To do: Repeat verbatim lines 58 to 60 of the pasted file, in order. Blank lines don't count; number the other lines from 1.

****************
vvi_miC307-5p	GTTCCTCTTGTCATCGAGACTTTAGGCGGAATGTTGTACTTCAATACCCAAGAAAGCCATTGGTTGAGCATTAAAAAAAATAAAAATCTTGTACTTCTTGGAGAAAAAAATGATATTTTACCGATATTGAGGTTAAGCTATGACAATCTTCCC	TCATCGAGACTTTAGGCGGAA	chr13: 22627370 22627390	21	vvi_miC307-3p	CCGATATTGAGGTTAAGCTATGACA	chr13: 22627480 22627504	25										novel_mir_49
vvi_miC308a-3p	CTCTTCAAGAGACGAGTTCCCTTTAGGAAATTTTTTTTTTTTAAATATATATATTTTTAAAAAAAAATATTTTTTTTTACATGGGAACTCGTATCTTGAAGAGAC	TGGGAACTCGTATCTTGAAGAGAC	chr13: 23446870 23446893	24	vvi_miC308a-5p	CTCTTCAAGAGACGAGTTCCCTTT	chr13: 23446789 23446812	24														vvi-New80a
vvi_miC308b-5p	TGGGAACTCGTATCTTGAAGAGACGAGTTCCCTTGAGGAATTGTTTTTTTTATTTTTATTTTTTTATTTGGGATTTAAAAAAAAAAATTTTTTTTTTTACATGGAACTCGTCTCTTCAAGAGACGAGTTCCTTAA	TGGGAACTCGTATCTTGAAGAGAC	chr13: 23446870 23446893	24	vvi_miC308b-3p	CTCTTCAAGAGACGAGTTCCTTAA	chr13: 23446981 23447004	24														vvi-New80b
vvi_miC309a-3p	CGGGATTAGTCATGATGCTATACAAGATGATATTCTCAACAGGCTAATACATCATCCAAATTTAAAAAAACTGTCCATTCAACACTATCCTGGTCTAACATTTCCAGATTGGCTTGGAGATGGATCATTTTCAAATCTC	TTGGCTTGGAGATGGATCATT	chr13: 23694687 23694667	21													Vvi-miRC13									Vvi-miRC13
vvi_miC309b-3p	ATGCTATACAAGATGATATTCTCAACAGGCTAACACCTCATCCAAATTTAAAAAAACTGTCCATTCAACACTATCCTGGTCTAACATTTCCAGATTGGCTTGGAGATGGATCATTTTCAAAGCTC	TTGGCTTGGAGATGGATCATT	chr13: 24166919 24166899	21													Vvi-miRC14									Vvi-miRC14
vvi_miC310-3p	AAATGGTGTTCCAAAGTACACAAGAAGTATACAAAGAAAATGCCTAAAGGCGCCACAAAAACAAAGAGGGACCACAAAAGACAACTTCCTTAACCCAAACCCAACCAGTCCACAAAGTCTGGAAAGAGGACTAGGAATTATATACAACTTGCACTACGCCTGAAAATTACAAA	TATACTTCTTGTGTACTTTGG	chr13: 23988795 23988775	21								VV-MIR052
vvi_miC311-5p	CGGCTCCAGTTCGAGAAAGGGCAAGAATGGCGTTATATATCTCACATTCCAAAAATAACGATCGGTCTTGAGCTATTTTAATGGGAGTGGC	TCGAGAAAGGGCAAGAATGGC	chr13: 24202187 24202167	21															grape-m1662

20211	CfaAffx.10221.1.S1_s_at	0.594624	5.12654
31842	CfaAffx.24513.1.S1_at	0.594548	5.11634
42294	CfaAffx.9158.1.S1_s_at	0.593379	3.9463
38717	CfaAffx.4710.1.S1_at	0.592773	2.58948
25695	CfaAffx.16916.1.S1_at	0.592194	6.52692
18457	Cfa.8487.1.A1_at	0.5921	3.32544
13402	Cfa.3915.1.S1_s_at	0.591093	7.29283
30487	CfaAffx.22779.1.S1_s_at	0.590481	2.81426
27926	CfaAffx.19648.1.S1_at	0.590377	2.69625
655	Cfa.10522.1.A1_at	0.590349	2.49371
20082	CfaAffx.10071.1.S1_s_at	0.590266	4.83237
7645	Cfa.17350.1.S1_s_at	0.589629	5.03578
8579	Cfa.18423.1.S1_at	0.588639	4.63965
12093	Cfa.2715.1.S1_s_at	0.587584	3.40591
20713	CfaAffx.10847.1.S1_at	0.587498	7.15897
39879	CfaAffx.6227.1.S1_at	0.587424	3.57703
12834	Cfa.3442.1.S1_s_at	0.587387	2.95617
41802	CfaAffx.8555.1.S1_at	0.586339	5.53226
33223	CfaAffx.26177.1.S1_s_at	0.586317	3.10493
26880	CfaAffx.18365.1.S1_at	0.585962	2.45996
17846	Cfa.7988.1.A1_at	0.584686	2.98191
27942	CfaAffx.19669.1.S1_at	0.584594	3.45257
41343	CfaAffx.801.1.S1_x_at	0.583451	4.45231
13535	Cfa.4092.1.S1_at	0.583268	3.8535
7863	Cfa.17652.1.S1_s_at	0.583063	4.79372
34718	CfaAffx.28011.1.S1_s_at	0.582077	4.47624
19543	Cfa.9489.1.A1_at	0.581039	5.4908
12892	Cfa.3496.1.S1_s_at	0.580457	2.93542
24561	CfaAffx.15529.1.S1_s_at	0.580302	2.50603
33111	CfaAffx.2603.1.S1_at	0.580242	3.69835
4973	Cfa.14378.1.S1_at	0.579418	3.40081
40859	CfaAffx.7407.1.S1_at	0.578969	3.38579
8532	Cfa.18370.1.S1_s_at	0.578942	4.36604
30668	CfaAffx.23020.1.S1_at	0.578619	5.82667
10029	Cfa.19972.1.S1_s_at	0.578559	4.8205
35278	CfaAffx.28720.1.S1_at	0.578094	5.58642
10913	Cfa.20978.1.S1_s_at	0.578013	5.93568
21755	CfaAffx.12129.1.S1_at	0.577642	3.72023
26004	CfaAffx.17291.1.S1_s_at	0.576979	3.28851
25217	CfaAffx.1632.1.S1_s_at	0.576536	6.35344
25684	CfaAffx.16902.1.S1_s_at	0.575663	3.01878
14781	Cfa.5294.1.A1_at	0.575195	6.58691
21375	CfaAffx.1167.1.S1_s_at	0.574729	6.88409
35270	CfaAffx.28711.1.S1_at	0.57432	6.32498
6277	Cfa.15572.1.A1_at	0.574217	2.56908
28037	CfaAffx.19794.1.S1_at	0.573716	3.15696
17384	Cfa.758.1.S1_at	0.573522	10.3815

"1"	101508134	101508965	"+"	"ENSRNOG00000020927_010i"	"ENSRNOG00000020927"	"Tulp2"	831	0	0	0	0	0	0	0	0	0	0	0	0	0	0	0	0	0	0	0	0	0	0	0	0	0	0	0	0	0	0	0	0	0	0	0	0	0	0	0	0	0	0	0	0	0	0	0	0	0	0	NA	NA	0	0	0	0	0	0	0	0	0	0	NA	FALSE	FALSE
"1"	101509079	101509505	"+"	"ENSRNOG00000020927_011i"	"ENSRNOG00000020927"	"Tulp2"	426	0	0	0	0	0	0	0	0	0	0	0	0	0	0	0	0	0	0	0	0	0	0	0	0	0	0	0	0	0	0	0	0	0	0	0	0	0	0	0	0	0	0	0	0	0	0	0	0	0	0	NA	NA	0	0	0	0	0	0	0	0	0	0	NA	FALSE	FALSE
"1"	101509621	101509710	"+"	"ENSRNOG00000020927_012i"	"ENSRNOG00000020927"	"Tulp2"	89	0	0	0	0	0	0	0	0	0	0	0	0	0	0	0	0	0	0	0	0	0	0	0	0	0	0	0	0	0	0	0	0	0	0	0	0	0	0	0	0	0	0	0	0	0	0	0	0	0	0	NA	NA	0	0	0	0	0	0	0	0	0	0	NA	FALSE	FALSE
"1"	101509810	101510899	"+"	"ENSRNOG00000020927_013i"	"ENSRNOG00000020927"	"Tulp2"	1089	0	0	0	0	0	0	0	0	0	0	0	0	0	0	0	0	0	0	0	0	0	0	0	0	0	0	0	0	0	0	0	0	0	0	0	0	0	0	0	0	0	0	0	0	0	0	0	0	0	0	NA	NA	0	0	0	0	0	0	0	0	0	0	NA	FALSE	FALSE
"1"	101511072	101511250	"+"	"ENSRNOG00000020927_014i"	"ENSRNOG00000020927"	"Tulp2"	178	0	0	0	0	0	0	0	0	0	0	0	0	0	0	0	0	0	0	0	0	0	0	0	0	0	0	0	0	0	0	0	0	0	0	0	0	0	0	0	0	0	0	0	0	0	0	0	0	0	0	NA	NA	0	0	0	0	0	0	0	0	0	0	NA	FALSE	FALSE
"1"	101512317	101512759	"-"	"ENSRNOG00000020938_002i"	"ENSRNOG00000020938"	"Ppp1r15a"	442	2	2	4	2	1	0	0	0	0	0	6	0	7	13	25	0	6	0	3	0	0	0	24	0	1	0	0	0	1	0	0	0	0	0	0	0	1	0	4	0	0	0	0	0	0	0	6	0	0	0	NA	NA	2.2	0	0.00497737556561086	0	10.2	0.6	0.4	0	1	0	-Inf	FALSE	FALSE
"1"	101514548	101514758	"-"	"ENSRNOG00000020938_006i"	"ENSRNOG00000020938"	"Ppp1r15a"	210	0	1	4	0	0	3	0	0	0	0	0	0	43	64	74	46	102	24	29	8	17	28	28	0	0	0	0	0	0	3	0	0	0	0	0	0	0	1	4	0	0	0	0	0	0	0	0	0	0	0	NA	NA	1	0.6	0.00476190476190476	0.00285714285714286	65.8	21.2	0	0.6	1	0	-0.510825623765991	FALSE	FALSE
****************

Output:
"1"	101509810	101510899	"+"	"ENSRNOG00000020927_013i"	"ENSRNOG00000020927"	"Tulp2"	1089	0	0	0	0	0	0	0	0	0	0	0	0	0	0	0	0	0	0	0	0	0	0	0	0	0	0	0	0	0	0	0	0	0	0	0	0	0	0	0	0	0	0	0	0	0	0	0	0	0	0	NA	NA	0	0	0	0	0	0	0	0	0	0	NA	FALSE	FALSE
"1"	101511072	101511250	"+"	"ENSRNOG00000020927_014i"	"ENSRNOG00000020927"	"Tulp2"	178	0	0	0	0	0	0	0	0	0	0	0	0	0	0	0	0	0	0	0	0	0	0	0	0	0	0	0	0	0	0	0	0	0	0	0	0	0	0	0	0	0	0	0	0	0	0	0	0	0	0	NA	NA	0	0	0	0	0	0	0	0	0	0	NA	FALSE	FALSE
"1"	101512317	101512759	"-"	"ENSRNOG00000020938_002i"	"ENSRNOG00000020938"	"Ppp1r15a"	442	2	2	4	2	1	0	0	0	0	0	6	0	7	13	25	0	6	0	3	0	0	0	24	0	1	0	0	0	1	0	0	0	0	0	0	0	1	0	4	0	0	0	0	0	0	0	6	0	0	0	NA	NA	2.2	0	0.00497737556561086	0	10.2	0.6	0.4	0	1	0	-Inf	FALSE	FALSE